Notre Dame Lawfully Fired Tenured Professor


By Samantha J. Wood October 8, 2019

​The University of Notre Dame did not breach its contract by dismissing a tenured professor for "serious cause" after he misused grant funds, the 7th U.S. Circuit Court of Appeals held.

In 2009, the university suspected the plaintiff, one of its tenured professors, of abusing grant funds that he received for research purposes. After investigating the matter, the university notified the plaintiff that it would seek his termination for "serious and deliberate misconduct" on the basis that he purchased equipment other than for purposes identified in his research proposals; used equipment for personal use; stored pornographic images on computers that were improperly purchased using grant funds; and exposed the university to notorious and public scandal. The university notified the plaintiff that a hearing committee would convene to review and ultimately decide whether termination was appropriate.

In the meantime, the university invited the plaintiff to participate in an informal resolution process with two faculty members. However, the process was not fruitful and the plaintiff's case proceeded to a hearing.

In April 2010, a hearing committee was convened. The committee, which included a faculty member who was part of the informal resolution process, along with several others, sustained the charges against the plaintiff and unanimously agreed to dismiss the plaintiff for "serious cause," as defined by his faculty contract.

Federal criminal charges were also brought against the plaintiff. The plaintiff pleaded guilty and admitted to purchasing equipment with grant funds that were not part of the approved grant or project and using such equipment for both personal and professional purposes.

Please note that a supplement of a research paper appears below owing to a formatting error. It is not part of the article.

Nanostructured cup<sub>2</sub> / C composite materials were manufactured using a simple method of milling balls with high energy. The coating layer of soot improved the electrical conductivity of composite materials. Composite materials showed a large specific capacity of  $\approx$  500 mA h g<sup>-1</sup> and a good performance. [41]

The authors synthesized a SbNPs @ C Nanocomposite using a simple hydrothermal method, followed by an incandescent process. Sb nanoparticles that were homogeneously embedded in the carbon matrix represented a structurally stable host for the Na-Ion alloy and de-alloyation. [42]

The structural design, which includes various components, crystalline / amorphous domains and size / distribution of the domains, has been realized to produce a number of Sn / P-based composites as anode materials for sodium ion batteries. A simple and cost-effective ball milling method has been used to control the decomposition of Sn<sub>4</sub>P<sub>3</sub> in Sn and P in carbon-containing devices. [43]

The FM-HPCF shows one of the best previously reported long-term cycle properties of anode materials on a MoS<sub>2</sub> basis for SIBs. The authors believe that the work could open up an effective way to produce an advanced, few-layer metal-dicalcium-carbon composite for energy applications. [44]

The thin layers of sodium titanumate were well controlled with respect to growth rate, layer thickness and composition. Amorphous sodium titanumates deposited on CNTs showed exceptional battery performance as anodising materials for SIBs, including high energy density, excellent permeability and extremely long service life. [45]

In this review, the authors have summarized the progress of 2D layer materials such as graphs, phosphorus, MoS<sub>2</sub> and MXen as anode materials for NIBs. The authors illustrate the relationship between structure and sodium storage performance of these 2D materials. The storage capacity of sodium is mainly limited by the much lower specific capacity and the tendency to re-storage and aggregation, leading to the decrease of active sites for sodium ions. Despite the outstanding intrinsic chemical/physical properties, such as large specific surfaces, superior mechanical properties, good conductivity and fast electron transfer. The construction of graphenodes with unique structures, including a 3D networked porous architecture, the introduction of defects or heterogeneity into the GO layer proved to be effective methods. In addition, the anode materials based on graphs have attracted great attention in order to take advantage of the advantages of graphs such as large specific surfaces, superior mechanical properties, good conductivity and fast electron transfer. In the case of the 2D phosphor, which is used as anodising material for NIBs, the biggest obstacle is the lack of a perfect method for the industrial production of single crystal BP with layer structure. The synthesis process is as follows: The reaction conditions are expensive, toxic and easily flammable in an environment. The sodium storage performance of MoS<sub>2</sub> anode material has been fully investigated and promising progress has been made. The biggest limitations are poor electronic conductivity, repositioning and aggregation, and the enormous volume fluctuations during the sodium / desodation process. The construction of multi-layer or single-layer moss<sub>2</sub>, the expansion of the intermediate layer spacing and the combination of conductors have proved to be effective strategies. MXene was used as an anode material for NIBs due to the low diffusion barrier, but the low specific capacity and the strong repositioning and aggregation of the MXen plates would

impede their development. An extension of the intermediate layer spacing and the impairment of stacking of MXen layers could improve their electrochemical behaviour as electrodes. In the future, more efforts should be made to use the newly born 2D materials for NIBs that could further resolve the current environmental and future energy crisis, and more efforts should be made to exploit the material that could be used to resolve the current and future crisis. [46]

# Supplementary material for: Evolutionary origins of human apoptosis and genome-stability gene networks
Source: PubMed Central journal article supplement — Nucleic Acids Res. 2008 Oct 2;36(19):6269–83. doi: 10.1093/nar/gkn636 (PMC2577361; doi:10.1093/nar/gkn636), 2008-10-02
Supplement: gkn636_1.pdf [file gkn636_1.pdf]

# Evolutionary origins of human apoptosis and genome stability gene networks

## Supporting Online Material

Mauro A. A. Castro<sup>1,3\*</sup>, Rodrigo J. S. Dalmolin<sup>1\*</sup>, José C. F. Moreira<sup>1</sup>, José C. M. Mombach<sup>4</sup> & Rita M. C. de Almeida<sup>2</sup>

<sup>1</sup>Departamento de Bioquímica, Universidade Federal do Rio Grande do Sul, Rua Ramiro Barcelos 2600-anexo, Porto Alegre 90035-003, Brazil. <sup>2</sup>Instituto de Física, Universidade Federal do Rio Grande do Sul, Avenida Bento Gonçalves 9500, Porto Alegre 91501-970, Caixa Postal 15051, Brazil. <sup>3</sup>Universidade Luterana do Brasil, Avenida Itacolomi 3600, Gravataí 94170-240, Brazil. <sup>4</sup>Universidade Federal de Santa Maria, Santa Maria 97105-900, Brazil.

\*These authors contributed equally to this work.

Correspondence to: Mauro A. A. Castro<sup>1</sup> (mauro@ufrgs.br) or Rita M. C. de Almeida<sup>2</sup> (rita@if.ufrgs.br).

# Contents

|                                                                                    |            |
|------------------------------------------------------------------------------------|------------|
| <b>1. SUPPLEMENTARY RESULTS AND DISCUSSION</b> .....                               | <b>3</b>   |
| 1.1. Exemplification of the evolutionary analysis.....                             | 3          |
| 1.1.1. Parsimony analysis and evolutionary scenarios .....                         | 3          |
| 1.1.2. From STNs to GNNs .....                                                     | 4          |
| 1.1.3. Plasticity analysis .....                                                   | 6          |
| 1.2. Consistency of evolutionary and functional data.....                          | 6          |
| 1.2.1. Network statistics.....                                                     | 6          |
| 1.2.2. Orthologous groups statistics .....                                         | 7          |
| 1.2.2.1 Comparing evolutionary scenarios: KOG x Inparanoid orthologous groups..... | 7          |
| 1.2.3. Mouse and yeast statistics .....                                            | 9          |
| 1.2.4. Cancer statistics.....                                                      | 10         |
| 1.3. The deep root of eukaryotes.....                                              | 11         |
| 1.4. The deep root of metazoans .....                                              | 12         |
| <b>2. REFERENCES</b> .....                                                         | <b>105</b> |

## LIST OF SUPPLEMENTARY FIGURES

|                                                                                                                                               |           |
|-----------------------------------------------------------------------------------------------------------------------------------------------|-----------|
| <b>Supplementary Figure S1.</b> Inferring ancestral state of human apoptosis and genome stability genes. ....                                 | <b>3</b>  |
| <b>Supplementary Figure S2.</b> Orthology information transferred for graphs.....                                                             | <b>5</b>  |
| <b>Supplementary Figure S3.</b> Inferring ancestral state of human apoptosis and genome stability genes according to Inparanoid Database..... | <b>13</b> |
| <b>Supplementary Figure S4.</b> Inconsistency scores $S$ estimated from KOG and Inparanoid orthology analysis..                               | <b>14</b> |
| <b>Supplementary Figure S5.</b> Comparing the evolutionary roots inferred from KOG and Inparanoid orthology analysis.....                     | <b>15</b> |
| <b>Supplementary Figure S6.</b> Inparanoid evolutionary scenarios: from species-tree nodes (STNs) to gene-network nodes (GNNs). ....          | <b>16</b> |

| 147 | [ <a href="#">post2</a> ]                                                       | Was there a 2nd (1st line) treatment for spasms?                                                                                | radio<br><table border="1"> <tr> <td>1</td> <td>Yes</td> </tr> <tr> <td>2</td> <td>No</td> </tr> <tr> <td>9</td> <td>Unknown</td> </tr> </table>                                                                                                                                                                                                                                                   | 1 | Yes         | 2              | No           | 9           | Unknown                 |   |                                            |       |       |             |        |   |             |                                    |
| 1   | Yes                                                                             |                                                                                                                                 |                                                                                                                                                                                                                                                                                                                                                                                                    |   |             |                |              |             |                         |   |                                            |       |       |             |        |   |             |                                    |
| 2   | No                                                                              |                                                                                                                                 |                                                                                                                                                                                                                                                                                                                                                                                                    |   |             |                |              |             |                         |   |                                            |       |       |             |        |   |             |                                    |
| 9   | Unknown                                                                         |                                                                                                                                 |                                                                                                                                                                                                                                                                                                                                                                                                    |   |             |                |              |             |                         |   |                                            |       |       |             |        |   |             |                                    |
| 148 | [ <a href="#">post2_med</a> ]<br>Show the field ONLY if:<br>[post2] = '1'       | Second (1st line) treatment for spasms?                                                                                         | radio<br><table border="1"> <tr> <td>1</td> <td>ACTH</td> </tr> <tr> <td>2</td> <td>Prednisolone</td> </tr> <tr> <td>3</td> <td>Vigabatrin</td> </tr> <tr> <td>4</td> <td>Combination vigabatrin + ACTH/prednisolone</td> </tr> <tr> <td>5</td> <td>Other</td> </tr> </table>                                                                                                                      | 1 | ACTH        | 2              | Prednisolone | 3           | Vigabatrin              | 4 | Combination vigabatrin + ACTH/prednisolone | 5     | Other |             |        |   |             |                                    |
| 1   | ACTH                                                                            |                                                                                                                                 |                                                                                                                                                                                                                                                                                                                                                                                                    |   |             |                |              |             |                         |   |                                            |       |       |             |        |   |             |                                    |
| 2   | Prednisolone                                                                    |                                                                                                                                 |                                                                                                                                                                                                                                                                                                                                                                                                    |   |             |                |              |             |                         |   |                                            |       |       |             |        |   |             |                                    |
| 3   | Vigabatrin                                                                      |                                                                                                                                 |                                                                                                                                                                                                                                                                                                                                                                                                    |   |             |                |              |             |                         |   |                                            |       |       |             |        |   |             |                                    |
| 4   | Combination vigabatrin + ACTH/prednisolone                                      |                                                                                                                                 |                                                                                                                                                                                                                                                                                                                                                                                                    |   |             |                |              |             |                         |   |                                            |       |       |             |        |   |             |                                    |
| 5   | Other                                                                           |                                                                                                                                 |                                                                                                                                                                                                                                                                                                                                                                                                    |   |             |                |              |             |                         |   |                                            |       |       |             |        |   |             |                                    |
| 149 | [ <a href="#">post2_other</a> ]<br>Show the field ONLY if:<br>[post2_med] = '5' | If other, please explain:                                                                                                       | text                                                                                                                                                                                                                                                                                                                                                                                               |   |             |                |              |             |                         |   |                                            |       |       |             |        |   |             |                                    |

Thereafter, the plaintiff sued the university for breach of his faculty contract. First, the plaintiff asserted that the university violated the contract's procedural requirements by allowing a faculty member to participate in both the informal resolution process and the hearing committee's decision.

In making this argument, the plaintiff relied on the contract language, which stated "The executive committee also elects an alternate … to take the place of any member elected to the hearing committee who must recuse himself or herself because of bias or interest, including participation in the informal resolution process." The plaintiff argued that because the faculty member participated in the informal resolution process, he should have been excluded from participation in the hearing committee.

The plaintiff also asserted that the university breached its contract on the basis that the committee's findings did not meet the definition of "serious cause." Serious cause was defined in the contract as serious and deliberate personal or professional misconduct, continual serious disregard of the university's character, and conviction of a felony.

[SHRM members-only toolkit: Involuntary Termination of Employment in the United States]

The plaintiff prevailed in the district court, and the university appealed. The 7th Circuit reversed, finding in favor of the university. First, the court held that the proper reading of the contract was that while participation in the informal resolution process may lead to bias or interest requiring recusal, it did not necessarily do so. Recusal was not automatic without a showing of a substantial risk of or actual bias or interest.

In reaching this conclusion, the court read the contract as a whole. Other provisions, which also addressed recusal in the decision-making process, were much more explicit in requiring recusal. The clause at issue, however, only required recusal for participation in the informal resolution process if there was an actual showing of bias or interest. As there was no evidence of bias or interest, the court concluded that there was no procedural breach.

Finally, the court held that the university had serious cause to dismiss the plaintiff. As "serious cause" included conviction of a felony and the plaintiff had been convicted of a felony arising out of his conduct, the court held that his termination was lawful.

Collins v. Univ. of Notre Dame du Lac, 7th Cir., No. 19-2559 (July 12, 2019).

Professional Pointer: This case reminds employers of the importance of maintaining clear policies and contractual language regarding appropriate grounds and procedures for dismissal.

Samantha J. Wood is an attorney with Lindner & Marsack SC, the Worklaw® Network member firm in Milwaukee.


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